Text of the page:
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First Impressions with Android L Developer Preview
It’s now been several hours since the release of the Android L Developer Preview Images. Undoubtedly, many of you reading this have already loaded the preview firmware onto your Nexus 5 or Nexus 7 (2013). However, not everyone is lucky enough to own one of these devices–and even if you have an N5 or N7 by your side, you may not be willing to wipe your data in order to flash test images.
In the time since release, we’ve been poking and prodding at the Android L Developer Preview firmware on a Nexus 5 to see how far Google has come with L and where there’s still room for improvement. Head past the break to see our initial impressions.
The very first thing you’ll notice when you fire up Android L is its new UI paradigm, Material Design. As we mentioned in our coverage yesterday, this new UI is radically different from anything we’ve seen in Android thus far, and it manifests itself practically everywhere in Android.
From text entry fields to buttons to scrollable lists and the default keyboard, a good deal of the UI has received a much needed facelift with L. There are also animations aplenty. And yes, they all run incredibly smoothly–at least on the Nexus 5. Perhaps the most significant of the UI changes involve the notification shade, settings menu, lock screen, navigation bar, and Recents.
Your lock screen now displays multiple, actionable notifications, which can be expanded with a two-finger drag. In addition, the notification bar and quick settings menu have been merged into a single dropdown. To access the toggles, you now simply pull down a second time. And on the topic of toggles, they now work as one would expect (i.e. tapping a toggle changes your setting rather than dumping you into a particular page in the Settings app).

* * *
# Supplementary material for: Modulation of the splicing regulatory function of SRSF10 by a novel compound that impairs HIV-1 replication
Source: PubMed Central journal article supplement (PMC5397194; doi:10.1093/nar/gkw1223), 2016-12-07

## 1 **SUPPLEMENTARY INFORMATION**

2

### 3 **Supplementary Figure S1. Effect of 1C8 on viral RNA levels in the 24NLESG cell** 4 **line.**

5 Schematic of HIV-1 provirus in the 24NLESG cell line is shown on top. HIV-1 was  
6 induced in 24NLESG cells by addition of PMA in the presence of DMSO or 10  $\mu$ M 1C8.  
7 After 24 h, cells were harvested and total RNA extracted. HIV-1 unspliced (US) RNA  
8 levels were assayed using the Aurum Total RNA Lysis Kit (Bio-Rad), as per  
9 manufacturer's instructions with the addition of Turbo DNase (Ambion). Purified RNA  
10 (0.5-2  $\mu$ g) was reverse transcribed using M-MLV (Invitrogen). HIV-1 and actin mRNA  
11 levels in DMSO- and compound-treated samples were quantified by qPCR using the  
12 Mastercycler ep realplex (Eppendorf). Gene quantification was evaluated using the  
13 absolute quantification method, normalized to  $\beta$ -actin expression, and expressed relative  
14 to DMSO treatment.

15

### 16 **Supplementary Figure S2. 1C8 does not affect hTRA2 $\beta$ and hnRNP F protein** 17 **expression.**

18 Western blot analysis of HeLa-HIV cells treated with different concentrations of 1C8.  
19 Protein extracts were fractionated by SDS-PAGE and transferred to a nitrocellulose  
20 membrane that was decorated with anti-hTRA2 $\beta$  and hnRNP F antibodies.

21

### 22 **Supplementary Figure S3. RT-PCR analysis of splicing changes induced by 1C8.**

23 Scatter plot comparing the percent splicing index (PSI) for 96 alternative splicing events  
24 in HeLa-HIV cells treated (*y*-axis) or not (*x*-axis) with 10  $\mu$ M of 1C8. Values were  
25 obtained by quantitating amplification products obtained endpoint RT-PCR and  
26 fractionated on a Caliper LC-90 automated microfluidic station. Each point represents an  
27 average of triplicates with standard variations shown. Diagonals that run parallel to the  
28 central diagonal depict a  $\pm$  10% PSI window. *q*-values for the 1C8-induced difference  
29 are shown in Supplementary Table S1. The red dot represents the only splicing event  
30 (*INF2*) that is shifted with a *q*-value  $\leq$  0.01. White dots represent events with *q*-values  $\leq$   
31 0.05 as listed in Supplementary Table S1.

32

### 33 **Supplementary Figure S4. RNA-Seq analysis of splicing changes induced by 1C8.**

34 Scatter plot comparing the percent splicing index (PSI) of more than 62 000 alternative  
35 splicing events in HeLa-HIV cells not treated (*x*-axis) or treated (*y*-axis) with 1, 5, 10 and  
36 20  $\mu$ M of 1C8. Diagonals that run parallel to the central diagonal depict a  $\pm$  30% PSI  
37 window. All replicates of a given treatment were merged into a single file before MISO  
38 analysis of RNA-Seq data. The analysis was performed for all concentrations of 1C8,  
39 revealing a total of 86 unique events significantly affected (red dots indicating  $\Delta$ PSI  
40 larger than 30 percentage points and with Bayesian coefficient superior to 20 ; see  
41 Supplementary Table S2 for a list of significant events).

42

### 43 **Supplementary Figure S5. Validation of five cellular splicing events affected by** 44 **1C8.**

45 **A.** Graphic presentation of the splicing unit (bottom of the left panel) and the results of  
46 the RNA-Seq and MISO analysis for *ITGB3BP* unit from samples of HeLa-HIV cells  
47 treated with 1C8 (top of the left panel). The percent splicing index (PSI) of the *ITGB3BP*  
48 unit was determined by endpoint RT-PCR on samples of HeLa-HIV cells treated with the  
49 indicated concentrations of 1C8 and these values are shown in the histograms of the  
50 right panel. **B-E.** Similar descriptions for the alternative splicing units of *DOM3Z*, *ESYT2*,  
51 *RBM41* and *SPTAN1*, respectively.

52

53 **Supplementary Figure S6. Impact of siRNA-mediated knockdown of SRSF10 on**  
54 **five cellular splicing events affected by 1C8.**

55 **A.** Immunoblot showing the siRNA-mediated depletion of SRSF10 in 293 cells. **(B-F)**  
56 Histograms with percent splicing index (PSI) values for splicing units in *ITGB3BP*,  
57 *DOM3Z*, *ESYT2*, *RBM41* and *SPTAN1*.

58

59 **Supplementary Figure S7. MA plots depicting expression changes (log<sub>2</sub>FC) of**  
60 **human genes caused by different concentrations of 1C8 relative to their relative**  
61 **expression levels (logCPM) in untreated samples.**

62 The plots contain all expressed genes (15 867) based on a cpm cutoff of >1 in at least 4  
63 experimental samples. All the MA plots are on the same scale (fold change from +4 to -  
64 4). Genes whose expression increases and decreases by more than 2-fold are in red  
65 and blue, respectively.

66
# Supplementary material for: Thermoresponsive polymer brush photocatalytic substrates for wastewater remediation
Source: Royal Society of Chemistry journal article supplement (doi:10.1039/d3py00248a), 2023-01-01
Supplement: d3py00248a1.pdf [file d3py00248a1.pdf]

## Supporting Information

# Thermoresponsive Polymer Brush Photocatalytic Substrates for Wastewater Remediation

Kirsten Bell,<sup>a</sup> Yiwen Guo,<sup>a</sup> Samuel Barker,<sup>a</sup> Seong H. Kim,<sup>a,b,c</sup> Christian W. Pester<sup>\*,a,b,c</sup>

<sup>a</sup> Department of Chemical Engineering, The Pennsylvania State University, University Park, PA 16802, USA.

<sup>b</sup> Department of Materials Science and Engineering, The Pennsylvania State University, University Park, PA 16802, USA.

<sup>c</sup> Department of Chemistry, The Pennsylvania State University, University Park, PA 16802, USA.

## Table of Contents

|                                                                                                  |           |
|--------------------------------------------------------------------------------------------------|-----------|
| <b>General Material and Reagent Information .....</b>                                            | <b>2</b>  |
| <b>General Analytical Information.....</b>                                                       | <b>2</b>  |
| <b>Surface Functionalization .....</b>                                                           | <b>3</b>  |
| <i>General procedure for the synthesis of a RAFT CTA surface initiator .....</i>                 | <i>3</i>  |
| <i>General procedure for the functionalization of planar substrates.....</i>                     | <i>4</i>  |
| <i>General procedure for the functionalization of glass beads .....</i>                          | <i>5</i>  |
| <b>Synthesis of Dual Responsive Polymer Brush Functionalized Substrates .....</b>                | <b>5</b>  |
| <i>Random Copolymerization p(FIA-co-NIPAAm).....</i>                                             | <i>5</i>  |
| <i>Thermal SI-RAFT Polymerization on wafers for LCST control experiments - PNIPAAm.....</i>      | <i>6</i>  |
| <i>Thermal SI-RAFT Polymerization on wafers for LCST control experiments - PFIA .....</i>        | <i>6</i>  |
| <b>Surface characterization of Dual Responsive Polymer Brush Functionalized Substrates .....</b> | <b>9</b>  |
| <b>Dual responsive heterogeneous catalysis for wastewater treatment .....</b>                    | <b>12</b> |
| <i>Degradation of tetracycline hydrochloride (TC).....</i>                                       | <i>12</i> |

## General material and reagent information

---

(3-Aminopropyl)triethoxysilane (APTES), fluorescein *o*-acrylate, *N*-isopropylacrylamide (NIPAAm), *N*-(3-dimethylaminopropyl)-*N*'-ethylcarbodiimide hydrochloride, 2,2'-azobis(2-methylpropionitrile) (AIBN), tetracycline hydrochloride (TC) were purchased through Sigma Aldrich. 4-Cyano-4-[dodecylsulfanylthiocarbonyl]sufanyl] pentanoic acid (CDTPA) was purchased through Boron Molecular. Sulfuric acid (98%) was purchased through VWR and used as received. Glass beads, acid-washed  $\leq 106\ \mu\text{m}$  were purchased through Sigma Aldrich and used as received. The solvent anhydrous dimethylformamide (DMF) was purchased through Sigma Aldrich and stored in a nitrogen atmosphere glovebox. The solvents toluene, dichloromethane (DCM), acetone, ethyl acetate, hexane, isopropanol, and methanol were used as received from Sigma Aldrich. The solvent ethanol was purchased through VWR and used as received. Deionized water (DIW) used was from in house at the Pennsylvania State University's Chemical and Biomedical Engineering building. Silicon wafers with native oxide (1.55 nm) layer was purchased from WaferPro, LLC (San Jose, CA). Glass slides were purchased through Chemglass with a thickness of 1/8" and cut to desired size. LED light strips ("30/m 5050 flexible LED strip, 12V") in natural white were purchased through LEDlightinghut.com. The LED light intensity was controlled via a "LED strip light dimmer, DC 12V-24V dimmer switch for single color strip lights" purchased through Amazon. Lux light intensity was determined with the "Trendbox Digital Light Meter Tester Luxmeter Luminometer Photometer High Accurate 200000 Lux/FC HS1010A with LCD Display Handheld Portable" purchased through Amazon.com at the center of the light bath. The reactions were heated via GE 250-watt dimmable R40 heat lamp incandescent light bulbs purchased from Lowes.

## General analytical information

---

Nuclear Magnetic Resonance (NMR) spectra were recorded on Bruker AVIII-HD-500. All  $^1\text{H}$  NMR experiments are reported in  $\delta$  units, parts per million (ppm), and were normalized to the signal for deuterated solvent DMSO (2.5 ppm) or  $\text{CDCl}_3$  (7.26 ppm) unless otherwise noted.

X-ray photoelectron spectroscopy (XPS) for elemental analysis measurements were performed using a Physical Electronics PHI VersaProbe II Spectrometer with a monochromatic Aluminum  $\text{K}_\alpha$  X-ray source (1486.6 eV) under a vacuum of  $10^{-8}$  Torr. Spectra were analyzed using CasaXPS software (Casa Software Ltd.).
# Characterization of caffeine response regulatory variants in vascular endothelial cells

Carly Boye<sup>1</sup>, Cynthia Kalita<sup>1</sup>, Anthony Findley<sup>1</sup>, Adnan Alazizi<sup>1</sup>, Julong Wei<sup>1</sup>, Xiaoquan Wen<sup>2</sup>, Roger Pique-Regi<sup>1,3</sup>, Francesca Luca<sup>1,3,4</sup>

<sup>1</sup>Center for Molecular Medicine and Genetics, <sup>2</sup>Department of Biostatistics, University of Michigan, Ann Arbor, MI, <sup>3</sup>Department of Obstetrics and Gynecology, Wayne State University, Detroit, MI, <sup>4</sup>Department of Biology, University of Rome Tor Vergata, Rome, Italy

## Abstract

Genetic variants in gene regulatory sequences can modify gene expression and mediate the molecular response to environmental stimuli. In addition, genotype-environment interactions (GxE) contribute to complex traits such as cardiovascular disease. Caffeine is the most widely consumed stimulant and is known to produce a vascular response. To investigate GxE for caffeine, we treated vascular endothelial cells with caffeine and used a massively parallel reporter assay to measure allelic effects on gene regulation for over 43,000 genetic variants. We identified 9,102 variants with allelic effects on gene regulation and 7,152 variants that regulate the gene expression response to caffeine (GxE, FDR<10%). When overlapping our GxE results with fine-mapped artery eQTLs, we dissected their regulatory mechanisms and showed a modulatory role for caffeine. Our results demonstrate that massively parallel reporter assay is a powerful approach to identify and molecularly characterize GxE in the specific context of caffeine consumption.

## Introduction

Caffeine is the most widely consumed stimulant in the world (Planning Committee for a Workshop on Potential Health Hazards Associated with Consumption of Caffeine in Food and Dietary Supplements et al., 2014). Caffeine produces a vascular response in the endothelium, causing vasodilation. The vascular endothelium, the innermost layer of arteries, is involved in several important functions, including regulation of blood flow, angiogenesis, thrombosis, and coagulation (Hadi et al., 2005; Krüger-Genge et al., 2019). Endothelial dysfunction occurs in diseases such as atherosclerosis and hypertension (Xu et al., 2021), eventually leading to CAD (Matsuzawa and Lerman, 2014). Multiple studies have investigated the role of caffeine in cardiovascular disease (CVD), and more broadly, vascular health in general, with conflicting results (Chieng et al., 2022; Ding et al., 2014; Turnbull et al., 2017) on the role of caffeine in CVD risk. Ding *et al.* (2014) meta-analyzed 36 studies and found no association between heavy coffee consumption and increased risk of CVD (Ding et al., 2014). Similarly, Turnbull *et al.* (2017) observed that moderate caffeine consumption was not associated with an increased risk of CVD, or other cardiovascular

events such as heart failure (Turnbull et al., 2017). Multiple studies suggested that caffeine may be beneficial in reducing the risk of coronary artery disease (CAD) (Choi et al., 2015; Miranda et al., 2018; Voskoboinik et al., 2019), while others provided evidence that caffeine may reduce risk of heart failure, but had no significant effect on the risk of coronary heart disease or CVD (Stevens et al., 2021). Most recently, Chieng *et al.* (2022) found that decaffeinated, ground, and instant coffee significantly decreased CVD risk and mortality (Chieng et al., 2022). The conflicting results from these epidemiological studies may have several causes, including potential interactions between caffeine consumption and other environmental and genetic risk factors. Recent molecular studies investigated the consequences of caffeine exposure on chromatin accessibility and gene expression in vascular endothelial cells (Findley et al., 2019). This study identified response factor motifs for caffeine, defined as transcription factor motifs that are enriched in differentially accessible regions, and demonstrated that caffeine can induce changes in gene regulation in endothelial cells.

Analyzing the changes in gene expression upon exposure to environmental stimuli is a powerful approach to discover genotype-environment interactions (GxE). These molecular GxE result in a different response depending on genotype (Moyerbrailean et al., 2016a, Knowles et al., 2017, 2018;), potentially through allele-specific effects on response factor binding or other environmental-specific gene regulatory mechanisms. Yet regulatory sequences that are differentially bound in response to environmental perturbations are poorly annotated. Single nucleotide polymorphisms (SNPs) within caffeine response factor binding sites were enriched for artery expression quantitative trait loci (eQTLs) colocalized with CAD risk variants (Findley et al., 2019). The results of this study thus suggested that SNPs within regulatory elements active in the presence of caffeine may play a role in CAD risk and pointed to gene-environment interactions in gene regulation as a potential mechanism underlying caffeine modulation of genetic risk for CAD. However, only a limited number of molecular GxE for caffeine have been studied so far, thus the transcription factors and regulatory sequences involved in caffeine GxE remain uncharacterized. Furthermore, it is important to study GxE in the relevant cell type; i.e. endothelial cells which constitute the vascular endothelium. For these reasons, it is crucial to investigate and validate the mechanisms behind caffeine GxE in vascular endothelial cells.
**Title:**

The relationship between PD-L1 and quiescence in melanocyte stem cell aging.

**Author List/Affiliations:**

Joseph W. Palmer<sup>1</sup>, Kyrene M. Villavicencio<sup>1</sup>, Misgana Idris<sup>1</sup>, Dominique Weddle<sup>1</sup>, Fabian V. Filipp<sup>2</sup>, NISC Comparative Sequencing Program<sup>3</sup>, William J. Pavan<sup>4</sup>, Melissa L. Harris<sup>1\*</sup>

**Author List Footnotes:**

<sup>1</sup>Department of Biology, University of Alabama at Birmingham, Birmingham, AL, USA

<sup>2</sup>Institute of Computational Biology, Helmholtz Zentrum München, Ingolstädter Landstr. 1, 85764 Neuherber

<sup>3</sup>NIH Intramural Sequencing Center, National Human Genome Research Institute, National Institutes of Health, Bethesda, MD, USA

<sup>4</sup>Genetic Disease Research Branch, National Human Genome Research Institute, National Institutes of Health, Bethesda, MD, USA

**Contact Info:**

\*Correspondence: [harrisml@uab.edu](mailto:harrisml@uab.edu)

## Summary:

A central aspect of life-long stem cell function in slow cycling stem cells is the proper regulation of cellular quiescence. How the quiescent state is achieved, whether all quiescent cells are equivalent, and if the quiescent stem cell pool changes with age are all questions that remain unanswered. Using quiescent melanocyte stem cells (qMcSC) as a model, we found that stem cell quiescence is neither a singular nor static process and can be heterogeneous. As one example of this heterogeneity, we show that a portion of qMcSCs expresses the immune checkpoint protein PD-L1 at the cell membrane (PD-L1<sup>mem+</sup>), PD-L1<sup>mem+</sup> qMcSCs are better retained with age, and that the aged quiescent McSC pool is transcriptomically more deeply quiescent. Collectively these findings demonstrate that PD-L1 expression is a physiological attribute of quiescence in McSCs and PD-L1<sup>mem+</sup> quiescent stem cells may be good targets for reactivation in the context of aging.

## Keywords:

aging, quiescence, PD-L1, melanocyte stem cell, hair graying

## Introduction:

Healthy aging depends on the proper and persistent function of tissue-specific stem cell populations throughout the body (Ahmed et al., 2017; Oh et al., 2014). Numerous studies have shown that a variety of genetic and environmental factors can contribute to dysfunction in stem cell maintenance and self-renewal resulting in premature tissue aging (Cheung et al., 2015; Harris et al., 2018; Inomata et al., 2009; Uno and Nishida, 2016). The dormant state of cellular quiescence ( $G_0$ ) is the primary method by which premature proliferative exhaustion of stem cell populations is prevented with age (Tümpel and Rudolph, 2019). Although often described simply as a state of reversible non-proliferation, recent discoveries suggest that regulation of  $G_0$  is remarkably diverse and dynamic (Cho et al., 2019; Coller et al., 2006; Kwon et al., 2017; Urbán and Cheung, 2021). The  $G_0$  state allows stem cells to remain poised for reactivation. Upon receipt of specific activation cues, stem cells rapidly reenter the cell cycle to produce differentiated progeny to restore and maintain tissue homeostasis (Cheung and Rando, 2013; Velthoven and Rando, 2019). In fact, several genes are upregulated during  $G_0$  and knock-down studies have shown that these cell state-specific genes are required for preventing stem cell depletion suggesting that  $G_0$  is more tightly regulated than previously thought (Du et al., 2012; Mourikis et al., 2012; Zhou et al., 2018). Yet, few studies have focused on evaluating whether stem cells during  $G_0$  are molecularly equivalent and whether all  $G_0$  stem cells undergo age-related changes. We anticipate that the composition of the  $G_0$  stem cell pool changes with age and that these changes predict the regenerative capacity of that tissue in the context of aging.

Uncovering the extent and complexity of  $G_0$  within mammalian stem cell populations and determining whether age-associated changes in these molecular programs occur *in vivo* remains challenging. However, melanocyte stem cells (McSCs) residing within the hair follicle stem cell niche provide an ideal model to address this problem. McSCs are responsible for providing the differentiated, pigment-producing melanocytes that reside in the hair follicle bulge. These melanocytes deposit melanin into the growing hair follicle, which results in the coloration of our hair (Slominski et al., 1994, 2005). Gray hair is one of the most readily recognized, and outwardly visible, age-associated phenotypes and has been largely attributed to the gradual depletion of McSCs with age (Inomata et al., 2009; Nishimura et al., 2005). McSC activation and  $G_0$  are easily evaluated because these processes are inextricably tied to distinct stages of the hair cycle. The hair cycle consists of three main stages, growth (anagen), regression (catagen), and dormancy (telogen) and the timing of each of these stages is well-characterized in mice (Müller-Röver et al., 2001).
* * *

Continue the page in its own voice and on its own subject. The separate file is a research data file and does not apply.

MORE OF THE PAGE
Unfortunately, several L features that were explicitly mentioned in the Keynote are not present in the developer preview. This includes the highly anticipated tab differentiation feature within the new Recents menu, which would have enabled users to manage tabs directly from their multitasking menu. In addition, there are quite a few UI inconsistencies within the Settings menu, which can be seen below:
On the plus side, the settings menu does look a lot cleaner overall. And to make things easier for new users, there’s even a search button, which can be seen in the screenshots above.
Despite Material Design’s far reaching effects, not every visual change that’s slated for Android L has made its way into the developer preview. For example, the updated Android Design guidelines showed a new documents UI, a new Gallery interface, refreshed inbox and so on. Unfortunately, none of these changes found their way into the developer preview. In fact, Gallery isn’t even present in the Developer Preview, but we’ll go into that later.
In short, all of the UI changes look great. And despite their incomplete status at this time, the overall look has been much improved. That said, we’re certainly looking forward to the rest of what’s in store for Android L’s visual makeover.
Do Not Disturb